Last Updated on March 30, 2017
After reading Michael R. Fletcher’s Beyond Redemption, I immediately approached the author to see if we could nab a short story for you. We were lucky enough to grab a polished-up version of one of the original Manifest Delusions short stories Fletcher used to develop his story.
If you haven’t grabbed Beyond Redemption, do yourself an epic favour and go grab it. It’ll be one of the best grimdark books you’ll read all year. For now, enjoy this excerpt of At the Walls of Sinnlos. You can grab the rest in Grimdark Magazine Issue 6, available in Kindle, ePub and PDF through our webstore, and through the Amazon Kindle Store.
At the Walls of Sinnlos
A Manifest Delusions short story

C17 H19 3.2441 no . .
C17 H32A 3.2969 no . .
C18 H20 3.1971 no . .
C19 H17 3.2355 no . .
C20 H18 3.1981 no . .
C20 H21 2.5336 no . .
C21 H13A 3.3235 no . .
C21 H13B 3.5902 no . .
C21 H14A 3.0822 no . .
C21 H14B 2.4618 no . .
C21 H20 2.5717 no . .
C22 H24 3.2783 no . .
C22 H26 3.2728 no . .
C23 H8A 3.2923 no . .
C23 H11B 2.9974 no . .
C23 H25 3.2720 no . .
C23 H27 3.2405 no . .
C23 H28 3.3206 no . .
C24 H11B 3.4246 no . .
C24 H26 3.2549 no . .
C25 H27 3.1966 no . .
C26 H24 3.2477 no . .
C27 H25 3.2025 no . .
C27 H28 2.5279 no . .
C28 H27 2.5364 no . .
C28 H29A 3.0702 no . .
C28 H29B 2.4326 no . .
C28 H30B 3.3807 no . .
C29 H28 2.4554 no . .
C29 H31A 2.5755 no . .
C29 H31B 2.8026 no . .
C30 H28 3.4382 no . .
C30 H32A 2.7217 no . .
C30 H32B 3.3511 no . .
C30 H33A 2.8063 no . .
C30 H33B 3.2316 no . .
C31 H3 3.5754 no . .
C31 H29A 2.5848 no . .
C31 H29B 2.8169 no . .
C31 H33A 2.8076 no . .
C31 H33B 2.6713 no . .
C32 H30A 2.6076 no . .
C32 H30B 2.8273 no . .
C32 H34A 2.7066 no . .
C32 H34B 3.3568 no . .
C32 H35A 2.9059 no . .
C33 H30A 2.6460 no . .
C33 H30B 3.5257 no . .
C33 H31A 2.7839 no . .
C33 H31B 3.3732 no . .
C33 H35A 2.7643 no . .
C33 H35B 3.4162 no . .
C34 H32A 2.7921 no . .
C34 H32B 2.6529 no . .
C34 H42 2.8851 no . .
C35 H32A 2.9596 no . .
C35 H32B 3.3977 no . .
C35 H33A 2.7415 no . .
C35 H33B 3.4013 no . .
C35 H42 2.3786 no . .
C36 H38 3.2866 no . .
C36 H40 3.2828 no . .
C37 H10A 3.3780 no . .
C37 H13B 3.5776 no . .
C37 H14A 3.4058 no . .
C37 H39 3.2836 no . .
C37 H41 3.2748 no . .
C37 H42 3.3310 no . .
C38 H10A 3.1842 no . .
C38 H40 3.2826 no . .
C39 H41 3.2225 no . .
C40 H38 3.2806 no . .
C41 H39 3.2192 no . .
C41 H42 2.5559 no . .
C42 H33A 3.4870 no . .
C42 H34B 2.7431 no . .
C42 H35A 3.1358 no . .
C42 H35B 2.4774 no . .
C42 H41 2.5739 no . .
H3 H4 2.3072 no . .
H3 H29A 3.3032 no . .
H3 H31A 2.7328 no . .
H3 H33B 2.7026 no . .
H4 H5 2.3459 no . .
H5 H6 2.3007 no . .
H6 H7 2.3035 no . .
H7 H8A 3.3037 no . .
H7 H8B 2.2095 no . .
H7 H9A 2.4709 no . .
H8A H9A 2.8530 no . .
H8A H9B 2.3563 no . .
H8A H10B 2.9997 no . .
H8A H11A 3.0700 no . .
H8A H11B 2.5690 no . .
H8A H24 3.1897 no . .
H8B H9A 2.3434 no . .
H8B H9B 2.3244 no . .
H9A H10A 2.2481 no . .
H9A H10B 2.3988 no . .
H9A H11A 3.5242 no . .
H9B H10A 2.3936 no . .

I rode at the Captain’s side, sweat pooling in the folds of my fat and soaking my shirt. I watched him from the corner of my eye. He sat slumped in the saddle, his once crisp, blue uniform crimson with the blood-red dust of the Sinnlos Desert. My heart broke and I had to look away. His parents had died the day we rode from Grauschloss, slain in the Theocrat’s latest cull of the old-guard families. Their lands and holdings confiscated, the Captain’s entire family were hung in the traitors’ cages to starve and rot. We’d ridden past them as we left the city; he hadn’t spared them a glance. He dared not. Had they not disowned him when he’d joined the ranks of the Theocrat’s army, he would have shared their fate. But years of impeccable service did not lift him above suspicion. Trust is something the Theocrat commands and demands, not something he gives. I couldn’t help but think the Captain had been sent to Sinnlos to die. I knew why I was here but dared not share that truth. My silence felt like betrayal.